Ram pumps are fascinating because they achieve the seemingly impossible task of pumping water to a higher height than the water supplying the pump, and they do it with no added energy input. This is often misunderstood as needing no energy, but a casual lesson in the laws of thermodynamics tells us this is impossible. A ram pump harvests energy from a high volume of water as it flows through the pump from a low head source, with a low volume of water, to a higher head. Head is the height of the water relative to the pump.
Imagine water running through a pipe with an internal diameter of 100mm and length of 25m. The pipe would be carrying a water weight of 200kg, since one liter of water weighs 1kg. It is similar to an oil drum full of water.
Ram pumps use the incompressible nature of water (you can’t cram more water into a container by ‘squeezing’ more in) to gather energy. Imagine 200L of water in an oil drum. Now, imagine it free falling. Then, crash! The drum hits a concrete floor, stopping immediately with a loud noise and the concrete crumbles. A ram pump functions with similar physics. Water gains velocity as it falls toward and through the pump, eventually causing the pump’s waste valve to forcefully shut. The high velocity, combined with sudden halt, means that there is a large storage of undispersed energy. In the ram pump, a much smaller pipeline comes off of the main pipe and allows this built up energy to push water through a one way valve.
Eventually, the built up energetic pressure dies down as water moves through the small pipe, causing the water to cease flow. The one-way valve (which will be explained further in the next paragraph) to the small pipe then shuts, trapping the remaining water in the small supply pipe, waiting for the next blow of the battering ram. The water in the main (drive) pipe has stopped and bounces back from the shock of the initial hit. The negative pressure from the bounce-back allows for the waste (‘clack’) valve to open, via gravity. The process then repeats.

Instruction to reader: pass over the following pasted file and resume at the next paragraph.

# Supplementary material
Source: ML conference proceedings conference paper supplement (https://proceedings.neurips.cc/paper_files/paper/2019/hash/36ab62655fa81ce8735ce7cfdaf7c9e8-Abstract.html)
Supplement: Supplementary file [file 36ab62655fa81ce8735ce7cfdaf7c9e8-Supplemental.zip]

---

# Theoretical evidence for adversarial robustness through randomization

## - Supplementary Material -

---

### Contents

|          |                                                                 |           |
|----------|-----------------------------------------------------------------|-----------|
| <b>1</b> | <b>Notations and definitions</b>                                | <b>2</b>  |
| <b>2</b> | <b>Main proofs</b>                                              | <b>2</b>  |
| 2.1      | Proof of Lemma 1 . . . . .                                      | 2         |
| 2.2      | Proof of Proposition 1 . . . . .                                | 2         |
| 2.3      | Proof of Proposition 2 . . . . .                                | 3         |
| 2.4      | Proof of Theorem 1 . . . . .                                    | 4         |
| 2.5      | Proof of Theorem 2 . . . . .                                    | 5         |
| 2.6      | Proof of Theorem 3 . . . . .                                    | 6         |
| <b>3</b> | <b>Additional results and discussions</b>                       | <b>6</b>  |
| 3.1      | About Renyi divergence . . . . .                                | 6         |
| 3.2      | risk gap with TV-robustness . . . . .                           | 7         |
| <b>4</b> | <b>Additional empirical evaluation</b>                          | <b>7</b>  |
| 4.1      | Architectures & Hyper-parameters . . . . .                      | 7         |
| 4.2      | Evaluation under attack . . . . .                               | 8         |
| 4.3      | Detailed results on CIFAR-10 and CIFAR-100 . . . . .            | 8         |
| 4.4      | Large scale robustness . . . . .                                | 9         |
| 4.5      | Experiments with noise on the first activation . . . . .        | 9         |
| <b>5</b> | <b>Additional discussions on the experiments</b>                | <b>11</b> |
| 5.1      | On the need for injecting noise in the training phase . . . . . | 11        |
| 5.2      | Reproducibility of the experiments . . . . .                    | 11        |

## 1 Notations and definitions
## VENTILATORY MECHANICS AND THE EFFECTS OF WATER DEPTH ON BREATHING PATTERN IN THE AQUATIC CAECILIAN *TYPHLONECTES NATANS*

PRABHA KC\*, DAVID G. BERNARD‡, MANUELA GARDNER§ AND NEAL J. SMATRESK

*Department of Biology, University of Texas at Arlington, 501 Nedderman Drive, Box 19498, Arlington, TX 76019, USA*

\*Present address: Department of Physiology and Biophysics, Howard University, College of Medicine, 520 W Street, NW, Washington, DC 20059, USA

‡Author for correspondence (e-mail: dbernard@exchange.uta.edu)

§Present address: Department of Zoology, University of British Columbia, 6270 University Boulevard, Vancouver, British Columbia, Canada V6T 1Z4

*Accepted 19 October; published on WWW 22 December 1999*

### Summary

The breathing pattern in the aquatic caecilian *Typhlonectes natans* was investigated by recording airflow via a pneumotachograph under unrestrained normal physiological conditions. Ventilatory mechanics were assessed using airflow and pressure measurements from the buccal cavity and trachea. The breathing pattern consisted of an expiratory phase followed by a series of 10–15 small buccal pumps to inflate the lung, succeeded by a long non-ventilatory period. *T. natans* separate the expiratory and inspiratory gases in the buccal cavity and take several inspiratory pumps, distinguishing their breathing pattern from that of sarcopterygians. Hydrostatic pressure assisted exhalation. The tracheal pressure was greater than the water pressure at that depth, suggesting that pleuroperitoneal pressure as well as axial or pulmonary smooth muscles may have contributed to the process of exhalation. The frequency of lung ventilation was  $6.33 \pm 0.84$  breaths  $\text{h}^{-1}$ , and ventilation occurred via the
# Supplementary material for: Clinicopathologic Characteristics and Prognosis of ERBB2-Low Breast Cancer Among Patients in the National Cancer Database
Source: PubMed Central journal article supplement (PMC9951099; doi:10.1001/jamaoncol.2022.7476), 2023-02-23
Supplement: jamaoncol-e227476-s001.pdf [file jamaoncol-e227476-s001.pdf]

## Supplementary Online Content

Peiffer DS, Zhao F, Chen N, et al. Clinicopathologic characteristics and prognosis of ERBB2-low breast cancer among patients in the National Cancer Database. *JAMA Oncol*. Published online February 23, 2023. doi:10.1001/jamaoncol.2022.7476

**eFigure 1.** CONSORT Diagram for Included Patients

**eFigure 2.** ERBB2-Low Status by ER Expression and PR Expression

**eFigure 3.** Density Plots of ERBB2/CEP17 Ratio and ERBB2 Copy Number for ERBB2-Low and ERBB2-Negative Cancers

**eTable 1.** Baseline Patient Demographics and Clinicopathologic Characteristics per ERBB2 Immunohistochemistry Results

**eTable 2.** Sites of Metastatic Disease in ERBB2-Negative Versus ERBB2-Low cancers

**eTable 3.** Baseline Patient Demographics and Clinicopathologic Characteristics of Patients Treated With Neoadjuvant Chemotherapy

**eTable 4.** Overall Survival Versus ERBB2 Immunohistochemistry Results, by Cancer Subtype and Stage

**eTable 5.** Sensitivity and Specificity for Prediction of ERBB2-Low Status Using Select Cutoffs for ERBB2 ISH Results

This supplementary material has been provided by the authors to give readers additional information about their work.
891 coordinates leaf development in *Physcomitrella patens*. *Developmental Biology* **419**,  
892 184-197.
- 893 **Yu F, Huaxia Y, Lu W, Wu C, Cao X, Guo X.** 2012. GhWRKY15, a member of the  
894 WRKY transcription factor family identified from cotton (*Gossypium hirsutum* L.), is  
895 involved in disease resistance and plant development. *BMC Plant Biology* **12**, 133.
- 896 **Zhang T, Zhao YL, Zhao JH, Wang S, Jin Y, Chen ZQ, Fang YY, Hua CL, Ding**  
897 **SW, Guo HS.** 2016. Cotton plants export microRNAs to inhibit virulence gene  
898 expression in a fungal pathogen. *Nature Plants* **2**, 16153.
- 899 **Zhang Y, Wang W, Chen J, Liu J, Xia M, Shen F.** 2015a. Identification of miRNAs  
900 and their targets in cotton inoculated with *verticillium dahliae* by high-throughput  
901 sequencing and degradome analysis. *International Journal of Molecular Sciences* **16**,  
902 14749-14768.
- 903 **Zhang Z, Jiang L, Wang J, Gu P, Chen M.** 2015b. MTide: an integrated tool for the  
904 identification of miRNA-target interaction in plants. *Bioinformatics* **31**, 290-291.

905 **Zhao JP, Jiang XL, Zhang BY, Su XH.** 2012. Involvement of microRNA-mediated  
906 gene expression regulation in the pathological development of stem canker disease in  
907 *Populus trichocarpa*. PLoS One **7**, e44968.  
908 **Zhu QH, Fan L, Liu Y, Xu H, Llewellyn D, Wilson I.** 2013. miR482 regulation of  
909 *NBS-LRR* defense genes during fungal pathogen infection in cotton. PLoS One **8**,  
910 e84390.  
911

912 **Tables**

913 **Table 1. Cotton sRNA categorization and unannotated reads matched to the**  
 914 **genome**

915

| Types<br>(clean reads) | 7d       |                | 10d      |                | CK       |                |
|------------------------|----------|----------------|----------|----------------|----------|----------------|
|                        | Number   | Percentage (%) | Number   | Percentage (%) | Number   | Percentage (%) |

Branching off of the previously mentioned one-way valve is a small, air filled tank that absorbs the shock from the ram’s pressure spike. After the valve closes, the pressurized air in the tank re-expands and continues to push water up the delivery pipe. The absence of this tank would significantly reduce the service life of the pump by damaging the valve.
Ram pumps needs a certain amount of fall in order to operate, which can cause complications. Dependent upon several variables, minimum fall ranges between 500mm and 1000mm. Furthermore, the amount of fall directly affects how high the water can be pumped. Commercial rams are typically designed to lift 10x the fall (e.g. 1 meter fall=10 meter lift). Pump height also affects the amount of water pumped; greater height means greater water weight in the pipe that needs to be overcome. Thus, less water will be delivered through a ram with a heavy fall.
This is a revised introduction about ram pumps, based on another permaculturenews.org article that can be located here